The Sunday Intertitle: Backchat
Tay Garnett, based on his terrific autobiography, Light Your Torches and Pull Up Your Tights, could either be said to have led a charmed life — a long and frequently successful career, narrow escapes from death — or an unlucky one — a long and just as frequently UNsuccessful career, narrow escapes from death that left him with serious injuries. The big missed opportunity for me seems to come in the early thirties when, with HER MAN and PRESTIGE, Garnett showed himself to be visually just about the best director in town. The former film is also a very good movie, seemingly inventing a lot of the roughhouse comedy John Ford would come to specialise in.
For whatever reason, Garnett soon tamped down his photographic flamboyance, and made his best-known movies in a more anonymous style. A shame.
But all this made me very curious to see even earlier TG films. The only silent I could source was THE SPIELER, which came heavily recommended by The Chiseler’s Danny Riccuito, who praised its slangy intertitles. Here’s a fairly late silent movie whose title and concept are predicated upon speech, that of a carnival barker, played with characteristic and wearisome ebullience by Alan Hale (above). “You sure print a mean waffle,” he tells Renee Adoree. But it’s the scenes with bad-guy crook Fred Kohler (of UNDERWORLD) that get all the best slang.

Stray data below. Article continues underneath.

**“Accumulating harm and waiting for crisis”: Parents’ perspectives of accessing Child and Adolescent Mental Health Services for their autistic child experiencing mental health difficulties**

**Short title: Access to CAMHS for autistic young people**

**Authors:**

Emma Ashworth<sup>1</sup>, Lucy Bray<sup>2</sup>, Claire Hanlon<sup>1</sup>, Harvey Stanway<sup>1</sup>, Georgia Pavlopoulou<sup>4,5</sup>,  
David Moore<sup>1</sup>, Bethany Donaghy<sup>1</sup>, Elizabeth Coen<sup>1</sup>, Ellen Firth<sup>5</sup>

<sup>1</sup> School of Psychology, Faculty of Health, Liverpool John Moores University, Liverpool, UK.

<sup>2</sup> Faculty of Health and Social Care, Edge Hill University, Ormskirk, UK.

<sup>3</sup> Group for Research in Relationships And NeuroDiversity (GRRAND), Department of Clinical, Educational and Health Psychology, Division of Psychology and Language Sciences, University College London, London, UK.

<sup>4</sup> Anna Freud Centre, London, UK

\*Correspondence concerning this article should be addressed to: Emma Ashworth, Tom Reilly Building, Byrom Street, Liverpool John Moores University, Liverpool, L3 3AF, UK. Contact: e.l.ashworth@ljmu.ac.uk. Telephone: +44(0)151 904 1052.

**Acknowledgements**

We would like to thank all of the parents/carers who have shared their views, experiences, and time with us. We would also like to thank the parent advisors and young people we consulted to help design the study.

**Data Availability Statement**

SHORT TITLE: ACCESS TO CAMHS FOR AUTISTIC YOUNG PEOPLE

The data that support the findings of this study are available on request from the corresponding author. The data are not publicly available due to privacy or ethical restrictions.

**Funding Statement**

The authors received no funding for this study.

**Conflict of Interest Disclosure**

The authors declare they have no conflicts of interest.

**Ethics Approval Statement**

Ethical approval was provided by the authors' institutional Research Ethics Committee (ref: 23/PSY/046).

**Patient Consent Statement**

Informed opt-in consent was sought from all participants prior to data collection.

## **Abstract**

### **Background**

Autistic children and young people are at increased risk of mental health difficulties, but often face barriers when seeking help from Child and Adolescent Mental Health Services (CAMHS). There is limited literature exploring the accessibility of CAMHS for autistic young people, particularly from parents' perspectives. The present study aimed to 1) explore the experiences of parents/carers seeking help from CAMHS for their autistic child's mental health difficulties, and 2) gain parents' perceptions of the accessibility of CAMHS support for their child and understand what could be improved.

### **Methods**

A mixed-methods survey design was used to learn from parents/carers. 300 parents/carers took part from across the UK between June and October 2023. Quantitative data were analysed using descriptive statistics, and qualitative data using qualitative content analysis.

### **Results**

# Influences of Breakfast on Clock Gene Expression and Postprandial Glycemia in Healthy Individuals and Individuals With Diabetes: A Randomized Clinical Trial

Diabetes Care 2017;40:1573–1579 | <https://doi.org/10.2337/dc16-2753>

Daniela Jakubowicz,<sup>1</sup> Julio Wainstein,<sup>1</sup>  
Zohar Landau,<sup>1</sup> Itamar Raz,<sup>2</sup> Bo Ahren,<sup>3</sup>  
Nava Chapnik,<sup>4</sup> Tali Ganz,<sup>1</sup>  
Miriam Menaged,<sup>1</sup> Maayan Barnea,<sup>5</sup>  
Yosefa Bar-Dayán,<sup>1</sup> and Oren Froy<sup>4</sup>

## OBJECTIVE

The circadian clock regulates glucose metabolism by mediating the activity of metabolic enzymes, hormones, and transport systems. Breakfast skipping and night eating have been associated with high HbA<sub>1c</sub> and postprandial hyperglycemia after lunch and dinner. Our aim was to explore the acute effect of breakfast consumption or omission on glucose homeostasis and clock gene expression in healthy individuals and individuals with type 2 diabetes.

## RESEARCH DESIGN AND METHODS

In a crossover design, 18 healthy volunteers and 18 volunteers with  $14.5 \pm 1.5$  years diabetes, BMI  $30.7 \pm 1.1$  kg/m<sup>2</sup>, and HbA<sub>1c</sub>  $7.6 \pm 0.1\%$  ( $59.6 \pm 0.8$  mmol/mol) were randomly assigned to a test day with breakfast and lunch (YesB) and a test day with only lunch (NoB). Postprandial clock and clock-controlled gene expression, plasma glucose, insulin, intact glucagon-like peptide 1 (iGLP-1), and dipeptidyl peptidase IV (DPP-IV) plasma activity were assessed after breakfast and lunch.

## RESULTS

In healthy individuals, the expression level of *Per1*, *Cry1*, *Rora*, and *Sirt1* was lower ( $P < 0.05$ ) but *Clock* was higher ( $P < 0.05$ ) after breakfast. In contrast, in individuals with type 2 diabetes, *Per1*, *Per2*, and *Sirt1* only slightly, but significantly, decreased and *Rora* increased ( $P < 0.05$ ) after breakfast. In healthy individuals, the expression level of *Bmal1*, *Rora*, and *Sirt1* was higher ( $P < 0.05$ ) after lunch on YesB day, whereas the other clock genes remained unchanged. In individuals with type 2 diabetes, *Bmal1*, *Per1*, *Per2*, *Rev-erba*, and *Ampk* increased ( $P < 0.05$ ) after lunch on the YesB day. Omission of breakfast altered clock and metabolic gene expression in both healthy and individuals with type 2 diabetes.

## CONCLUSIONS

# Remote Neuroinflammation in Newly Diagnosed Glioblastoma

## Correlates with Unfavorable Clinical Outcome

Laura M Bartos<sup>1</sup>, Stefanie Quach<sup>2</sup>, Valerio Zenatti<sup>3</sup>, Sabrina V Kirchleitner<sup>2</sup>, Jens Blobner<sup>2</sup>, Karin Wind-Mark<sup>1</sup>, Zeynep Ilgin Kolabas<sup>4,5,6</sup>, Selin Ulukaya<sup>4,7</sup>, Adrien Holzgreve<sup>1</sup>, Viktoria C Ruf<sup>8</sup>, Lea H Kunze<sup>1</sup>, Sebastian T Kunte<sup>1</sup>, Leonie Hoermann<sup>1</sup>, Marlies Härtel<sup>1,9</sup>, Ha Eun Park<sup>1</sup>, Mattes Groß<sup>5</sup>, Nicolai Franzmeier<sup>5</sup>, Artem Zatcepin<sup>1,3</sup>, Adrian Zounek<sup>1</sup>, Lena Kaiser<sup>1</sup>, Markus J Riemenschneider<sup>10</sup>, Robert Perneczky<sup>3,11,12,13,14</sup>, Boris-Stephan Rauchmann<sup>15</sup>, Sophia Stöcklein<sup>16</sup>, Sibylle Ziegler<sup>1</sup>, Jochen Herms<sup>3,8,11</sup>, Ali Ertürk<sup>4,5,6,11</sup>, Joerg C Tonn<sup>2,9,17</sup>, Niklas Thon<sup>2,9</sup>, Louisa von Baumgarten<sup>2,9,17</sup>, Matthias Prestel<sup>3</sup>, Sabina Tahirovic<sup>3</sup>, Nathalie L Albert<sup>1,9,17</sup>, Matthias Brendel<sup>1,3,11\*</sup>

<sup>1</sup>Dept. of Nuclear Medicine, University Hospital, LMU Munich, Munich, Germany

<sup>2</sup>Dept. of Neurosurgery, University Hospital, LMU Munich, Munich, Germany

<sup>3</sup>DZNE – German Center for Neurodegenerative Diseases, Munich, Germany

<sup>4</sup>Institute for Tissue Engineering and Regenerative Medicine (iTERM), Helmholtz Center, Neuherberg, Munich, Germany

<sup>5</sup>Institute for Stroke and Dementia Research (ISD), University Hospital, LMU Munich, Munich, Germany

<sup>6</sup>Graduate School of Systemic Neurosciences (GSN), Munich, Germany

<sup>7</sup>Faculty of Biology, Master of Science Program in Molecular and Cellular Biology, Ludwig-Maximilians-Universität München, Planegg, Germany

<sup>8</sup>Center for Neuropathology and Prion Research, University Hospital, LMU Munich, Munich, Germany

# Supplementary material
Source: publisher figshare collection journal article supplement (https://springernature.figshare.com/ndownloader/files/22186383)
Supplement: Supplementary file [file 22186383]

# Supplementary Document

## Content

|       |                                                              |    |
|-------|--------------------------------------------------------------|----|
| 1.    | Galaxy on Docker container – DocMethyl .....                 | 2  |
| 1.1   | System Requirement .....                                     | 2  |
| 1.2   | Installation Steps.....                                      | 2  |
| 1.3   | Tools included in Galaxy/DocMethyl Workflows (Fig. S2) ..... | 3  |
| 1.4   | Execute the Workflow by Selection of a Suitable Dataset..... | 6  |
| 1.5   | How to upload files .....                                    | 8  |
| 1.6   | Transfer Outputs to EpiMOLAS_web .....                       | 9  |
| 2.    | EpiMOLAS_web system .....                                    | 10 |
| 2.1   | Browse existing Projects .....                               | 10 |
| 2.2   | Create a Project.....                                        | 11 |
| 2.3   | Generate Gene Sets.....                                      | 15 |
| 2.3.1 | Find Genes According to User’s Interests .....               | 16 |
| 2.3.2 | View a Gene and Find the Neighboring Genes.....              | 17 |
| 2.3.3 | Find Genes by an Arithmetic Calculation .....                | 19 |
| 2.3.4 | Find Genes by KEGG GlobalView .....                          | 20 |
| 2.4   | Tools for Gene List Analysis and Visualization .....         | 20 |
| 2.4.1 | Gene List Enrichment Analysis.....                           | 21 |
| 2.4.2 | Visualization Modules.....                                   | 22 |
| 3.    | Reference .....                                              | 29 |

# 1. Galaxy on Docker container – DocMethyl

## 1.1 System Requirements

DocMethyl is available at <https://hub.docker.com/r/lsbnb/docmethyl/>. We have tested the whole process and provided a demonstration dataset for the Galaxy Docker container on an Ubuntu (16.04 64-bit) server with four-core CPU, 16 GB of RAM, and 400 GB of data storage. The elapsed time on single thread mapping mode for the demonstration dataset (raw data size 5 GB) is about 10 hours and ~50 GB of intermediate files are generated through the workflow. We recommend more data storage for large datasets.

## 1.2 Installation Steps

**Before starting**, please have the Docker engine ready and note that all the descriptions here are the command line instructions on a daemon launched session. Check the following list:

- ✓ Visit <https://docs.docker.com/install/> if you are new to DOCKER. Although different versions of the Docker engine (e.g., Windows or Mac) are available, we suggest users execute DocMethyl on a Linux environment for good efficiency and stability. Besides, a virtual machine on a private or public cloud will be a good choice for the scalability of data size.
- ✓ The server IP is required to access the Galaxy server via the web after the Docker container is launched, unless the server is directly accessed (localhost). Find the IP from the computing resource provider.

“Listen, Red — the twist caught me pinchin’ a pigskin. She aired me.”
It’s forgotten today, but this movie caused a Hollywood-wide apostrophe shortage, so informal were its intertitles.
Maybe my expectations were too high, but sadly THE SPIELER does not supply the wheeling, whooshing and arching camera moves of the Garnett pre-codes. There are a few snazzy bits, but they’re parceled out cautiously in key moments. The good crooks versus bad crooks in a crooked world approach does seem to anticipate the Warners worldview of later years, but I find all that more compelling with actual audible gab. Still, there’s a quaint thrill to be had from a prolonged closeup of Hale moving his lips rapidly, displaying the kind of verbal dexterity a movie of this era simply has to leave to the audience’s imagination.